Katrina Casey, head of sector enablement and support at the Ministry of Education, confirmed the LSM appointed to Papatoetoe Intermediate "did not identify any evidence of fraud".
The replacement of an LSM with a commissioner did not represent a failure on behalf of the LSM, she said.
The Ministry said it only intervenes in schools "as a last resort" when other attempts to solve issues had failed.
Most interventions come to an end within two years, it said, but there were some that continued for longer.
"They are making progress and we will continue to support them until they are no longer at risk."
The Ministry added: "Most of the risks highlighted in these reports have been addressed and no longer present a risk."
Parata said only a very small number - 3 per cent - of schools have a statutory intervention in place.
"I have faith that, overall, the process is effective and that the right interventions are being put in place at the right time."
Appointments no longer in place:
• Te Kura Kaupapa Maori o Rangiawhia (Far North)
Commissioner, school closed Dec 2016
• Manaia School (Taranaki)
Commissioner Mar 2014, returned to self-governance Sep 2016
• Ngaruawahia High
2 LSMs Apr 2013, since revoked
• Te Kura Kaupapa Maori o Otepou (Bay of Plenty)
LSM Apr 2013, since revoked
What is an LSM?
A Limited Statutory Manager is appointed to the Board of Trustees to work on a particular aspect or aspects of the board's governance role. The board remains in place.
What is a commissioner?
The Minister of Education dissolves the Board of Trustees and appoints a commissioner to govern the school. The commissioner has responsibility for decision-making on all issues related to the functions, duties and powers of the board.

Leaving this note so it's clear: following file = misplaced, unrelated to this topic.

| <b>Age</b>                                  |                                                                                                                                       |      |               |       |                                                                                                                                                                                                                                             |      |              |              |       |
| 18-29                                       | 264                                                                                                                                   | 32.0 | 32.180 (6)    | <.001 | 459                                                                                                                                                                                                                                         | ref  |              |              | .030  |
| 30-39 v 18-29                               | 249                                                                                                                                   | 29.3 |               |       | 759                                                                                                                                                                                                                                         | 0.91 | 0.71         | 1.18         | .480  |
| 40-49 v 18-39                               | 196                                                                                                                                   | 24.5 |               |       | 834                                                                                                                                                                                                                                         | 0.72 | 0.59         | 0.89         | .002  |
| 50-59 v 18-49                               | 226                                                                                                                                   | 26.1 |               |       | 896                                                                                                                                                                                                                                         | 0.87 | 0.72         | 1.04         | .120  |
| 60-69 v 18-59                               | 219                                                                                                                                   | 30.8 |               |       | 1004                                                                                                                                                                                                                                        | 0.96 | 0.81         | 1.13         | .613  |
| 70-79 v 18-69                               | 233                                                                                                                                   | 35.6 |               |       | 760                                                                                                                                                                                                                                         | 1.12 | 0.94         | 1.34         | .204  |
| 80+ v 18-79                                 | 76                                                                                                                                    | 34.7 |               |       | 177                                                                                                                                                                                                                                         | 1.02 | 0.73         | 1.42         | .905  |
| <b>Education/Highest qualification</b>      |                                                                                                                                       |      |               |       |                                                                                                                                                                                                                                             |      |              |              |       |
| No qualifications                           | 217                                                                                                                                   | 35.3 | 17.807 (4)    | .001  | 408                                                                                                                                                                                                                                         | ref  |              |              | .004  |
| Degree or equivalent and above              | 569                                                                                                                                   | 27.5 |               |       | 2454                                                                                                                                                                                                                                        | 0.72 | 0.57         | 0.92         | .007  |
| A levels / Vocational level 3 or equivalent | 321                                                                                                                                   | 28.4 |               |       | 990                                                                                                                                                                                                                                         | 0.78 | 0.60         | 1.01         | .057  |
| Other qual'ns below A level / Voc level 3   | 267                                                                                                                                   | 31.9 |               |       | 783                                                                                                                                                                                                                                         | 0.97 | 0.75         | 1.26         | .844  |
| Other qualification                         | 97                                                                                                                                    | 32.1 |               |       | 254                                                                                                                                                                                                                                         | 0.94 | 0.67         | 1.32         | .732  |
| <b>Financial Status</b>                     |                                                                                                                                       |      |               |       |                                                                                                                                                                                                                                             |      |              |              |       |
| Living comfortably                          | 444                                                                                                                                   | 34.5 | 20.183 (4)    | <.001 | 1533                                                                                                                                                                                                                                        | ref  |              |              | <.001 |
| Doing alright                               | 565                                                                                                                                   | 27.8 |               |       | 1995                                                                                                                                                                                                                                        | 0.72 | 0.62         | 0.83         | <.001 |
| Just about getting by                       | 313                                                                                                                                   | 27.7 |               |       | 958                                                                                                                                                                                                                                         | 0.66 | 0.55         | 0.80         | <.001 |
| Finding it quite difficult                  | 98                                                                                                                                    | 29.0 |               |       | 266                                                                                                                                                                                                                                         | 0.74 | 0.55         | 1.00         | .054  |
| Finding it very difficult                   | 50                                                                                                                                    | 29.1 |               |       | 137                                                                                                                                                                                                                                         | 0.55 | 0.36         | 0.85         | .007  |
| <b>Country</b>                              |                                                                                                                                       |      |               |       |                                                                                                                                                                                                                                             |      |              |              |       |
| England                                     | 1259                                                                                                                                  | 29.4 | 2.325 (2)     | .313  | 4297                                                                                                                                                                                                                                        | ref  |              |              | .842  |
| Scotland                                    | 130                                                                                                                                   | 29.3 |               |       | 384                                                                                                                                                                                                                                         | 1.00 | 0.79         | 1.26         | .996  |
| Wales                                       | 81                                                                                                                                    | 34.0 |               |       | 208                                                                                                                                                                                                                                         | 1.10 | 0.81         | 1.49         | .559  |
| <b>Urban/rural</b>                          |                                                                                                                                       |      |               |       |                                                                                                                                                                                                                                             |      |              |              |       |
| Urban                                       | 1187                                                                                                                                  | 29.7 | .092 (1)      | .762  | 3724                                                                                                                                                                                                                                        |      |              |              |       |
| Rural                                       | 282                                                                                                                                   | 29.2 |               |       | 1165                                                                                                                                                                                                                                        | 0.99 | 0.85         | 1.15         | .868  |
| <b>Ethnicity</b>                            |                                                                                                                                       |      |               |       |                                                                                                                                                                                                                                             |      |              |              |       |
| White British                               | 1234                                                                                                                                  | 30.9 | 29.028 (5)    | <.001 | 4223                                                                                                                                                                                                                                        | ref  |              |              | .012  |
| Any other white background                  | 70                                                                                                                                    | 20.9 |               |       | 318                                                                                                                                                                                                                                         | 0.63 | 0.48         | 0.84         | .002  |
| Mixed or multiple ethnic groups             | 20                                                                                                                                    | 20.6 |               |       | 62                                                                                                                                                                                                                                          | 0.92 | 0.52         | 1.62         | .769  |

WHAT THEY SAID:
Ministry of Education:
"Sometimes, some schools need extra help to fix a problem and that's when we can step in.
"We are required to step in at the lowest possible level without intervening more than necessary.
"We review interventions regularly and support can be escalated or de-escalated, depending on the circumstances.
"Since 2014, about nine schools across the country have had a level of intervention raised from LSM to commissioner. The specific circumstances vary, but in all cases the board would have been unable to operate effectively. It does not mean the LSM intervention failed.
"Two LSMs have worked at Papatoetoe Intermediate. The first LSM resolved one set of issues but due to work commitments was unable to continue. The second LSM appointed had strengths related to remaining issues."
Education Minister Hekia Parata:
"Schools are run by Boards of Trustees which are largely made up of parents. The vast majority operate successfully, which is proven by that fact that only a very small number - about 3 per cent of all schools - have a statutory intervention in place.
"The Ministry of Education will only intervene in a school if there is a risk to the operation of the school, to student achievement, or student welfare and safety. I have faith that, overall, the process is effective and that the right interventions are being put in place at the right time."
New Zealand School Trustees Association president Lorraine Kerr:
"The number of statutory interventions and LSMs has been the lowest that it's been for a number of years.
"People are human and there's always going to be an element of error, and we as an organisation know we need to continue to be prepared for that in the type of advice and support that we offer."
Commissioner for Papatoetoe Intermediate School Chris Saunders:
"The problem was noted as primarily to do with governance in the school, not management. So that's where we start from. I will hold this role until such a time as the Minister or Ministry feel confident that the school can return to full self-governance.
"The school is fundamentally very sound, and we just need to deal with this issue around governance and anything else that might arise during the course of my research and the scoping exercise that I'm undertaking at the moment.
"That will have an action plan attached to it. There will be a number of steps that will be required.
"First and foremost it's to reassure the community that it's business as normal here, there's good teaching and a good level of professionalism here that they can expect for their children."